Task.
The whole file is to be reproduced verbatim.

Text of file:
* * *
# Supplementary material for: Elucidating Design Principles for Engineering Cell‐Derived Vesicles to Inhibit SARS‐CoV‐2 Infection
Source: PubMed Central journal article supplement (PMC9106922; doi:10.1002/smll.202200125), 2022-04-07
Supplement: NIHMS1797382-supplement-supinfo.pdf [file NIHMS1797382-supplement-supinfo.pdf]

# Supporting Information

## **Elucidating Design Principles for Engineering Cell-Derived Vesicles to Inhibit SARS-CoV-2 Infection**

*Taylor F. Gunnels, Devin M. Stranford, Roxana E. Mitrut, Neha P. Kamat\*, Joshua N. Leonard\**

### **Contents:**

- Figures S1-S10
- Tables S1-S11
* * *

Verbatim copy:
# Supplementary material for: Elucidating Design Principles for Engineering Cell‐Derived Vesicles to Inhibit SARS‐CoV‐2 Infection
Source: PubMed Central journal article supplement (PMC9106922; doi:10.1002/smll.202200125), 2022-04-07
Supplement: NIHMS1797382-supplement-supinfo.pdf [file NIHMS1797382-supplement-supinfo.pdf]

# Supporting Information

## **Elucidating Design Principles for Engineering Cell-Derived Vesicles to Inhibit SARS-CoV-2 Infection**

*Taylor F. Gunnels, Devin M. Stranford, Roxana E. Mitrut, Neha P. Kamat\*, Joshua N. Leonard\**

### **Contents:**

- Figures S1-S10
- Tables S1-S11